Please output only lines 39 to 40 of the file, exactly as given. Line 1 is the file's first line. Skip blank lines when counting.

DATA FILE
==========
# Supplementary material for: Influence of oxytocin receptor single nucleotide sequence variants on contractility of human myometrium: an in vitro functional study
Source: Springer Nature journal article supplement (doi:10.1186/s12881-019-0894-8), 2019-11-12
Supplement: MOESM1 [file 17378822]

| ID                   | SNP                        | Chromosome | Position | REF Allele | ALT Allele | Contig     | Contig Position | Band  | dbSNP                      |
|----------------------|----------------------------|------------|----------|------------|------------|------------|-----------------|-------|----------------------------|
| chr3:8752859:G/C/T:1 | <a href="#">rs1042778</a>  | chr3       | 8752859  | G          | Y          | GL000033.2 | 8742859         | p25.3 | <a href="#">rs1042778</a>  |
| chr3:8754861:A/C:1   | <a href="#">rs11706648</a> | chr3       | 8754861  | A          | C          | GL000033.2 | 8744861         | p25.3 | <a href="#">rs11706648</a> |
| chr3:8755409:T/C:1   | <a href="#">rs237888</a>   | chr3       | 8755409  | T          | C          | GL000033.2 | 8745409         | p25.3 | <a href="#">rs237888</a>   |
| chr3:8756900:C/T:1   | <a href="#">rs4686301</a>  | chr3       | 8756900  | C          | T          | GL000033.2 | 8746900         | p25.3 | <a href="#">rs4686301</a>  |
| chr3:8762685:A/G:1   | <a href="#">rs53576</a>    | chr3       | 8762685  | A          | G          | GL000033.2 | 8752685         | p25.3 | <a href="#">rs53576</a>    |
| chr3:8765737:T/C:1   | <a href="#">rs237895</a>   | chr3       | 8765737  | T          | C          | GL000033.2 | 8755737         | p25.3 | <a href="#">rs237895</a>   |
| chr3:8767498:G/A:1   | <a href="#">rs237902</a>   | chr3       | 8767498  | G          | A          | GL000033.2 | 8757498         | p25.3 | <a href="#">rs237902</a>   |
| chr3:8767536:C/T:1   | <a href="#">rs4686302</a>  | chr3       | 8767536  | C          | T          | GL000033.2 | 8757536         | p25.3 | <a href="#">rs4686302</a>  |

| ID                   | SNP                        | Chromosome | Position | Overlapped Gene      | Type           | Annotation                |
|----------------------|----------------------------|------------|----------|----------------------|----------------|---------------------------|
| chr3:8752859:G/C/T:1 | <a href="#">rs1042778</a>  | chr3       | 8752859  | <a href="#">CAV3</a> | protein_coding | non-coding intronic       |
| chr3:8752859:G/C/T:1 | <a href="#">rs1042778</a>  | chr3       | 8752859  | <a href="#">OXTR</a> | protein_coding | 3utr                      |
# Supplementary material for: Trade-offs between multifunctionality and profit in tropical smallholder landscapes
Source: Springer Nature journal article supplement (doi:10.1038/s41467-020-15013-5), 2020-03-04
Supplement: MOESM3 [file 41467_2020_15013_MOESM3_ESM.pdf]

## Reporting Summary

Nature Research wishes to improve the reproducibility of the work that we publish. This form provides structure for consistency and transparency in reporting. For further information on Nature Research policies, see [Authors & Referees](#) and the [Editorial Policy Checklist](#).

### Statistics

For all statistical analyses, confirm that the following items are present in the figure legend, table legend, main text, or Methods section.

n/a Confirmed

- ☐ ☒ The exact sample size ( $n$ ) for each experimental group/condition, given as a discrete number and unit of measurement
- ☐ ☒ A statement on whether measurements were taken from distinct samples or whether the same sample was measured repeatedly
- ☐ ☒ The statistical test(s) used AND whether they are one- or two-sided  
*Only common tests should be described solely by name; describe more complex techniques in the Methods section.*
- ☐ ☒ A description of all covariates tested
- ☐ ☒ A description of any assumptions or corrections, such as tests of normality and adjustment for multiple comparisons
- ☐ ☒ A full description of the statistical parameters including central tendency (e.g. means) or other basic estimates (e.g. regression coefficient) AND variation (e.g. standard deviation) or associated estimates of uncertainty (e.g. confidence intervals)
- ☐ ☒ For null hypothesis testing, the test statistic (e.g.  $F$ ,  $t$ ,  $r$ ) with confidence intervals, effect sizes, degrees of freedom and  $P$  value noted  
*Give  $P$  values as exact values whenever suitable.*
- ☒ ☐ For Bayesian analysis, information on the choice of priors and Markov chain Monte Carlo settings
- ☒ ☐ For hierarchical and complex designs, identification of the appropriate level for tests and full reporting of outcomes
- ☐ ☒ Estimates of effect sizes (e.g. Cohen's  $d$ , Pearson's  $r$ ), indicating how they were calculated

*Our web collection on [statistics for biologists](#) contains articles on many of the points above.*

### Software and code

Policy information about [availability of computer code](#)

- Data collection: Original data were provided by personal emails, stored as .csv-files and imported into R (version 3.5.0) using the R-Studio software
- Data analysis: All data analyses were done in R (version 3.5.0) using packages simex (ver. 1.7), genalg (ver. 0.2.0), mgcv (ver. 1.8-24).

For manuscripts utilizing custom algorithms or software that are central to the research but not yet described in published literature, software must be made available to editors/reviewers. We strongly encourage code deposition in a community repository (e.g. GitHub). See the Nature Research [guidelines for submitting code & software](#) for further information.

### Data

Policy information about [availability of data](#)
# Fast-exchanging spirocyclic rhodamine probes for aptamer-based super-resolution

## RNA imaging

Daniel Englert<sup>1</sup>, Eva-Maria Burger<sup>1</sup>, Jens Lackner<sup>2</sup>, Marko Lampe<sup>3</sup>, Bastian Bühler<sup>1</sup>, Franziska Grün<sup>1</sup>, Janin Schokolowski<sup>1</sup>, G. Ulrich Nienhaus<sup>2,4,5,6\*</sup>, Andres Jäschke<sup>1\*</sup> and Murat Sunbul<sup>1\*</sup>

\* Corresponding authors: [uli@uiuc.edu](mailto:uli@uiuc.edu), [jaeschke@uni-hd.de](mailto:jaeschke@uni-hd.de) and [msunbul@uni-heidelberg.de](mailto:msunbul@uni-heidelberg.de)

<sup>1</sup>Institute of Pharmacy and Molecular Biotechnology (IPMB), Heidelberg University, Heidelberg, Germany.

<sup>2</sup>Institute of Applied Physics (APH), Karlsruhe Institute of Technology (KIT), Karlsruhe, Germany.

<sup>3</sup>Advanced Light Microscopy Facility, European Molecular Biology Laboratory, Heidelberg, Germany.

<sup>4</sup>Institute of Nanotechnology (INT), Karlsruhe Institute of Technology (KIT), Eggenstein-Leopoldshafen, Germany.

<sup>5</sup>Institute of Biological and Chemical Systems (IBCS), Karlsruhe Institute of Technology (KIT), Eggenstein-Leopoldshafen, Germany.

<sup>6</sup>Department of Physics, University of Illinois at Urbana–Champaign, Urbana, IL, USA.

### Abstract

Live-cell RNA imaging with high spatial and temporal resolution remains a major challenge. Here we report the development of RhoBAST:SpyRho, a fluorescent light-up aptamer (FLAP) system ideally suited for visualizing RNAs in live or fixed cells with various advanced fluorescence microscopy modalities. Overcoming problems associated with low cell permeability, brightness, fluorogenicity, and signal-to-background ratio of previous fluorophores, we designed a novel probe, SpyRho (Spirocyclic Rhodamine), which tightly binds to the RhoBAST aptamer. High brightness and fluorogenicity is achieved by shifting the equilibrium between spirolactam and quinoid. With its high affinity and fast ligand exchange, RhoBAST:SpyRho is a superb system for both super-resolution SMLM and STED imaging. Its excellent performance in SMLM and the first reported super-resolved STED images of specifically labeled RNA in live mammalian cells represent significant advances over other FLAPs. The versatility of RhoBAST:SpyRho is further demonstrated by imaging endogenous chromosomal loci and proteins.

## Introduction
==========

### Software and code

Policy information about [availability of computer code](#)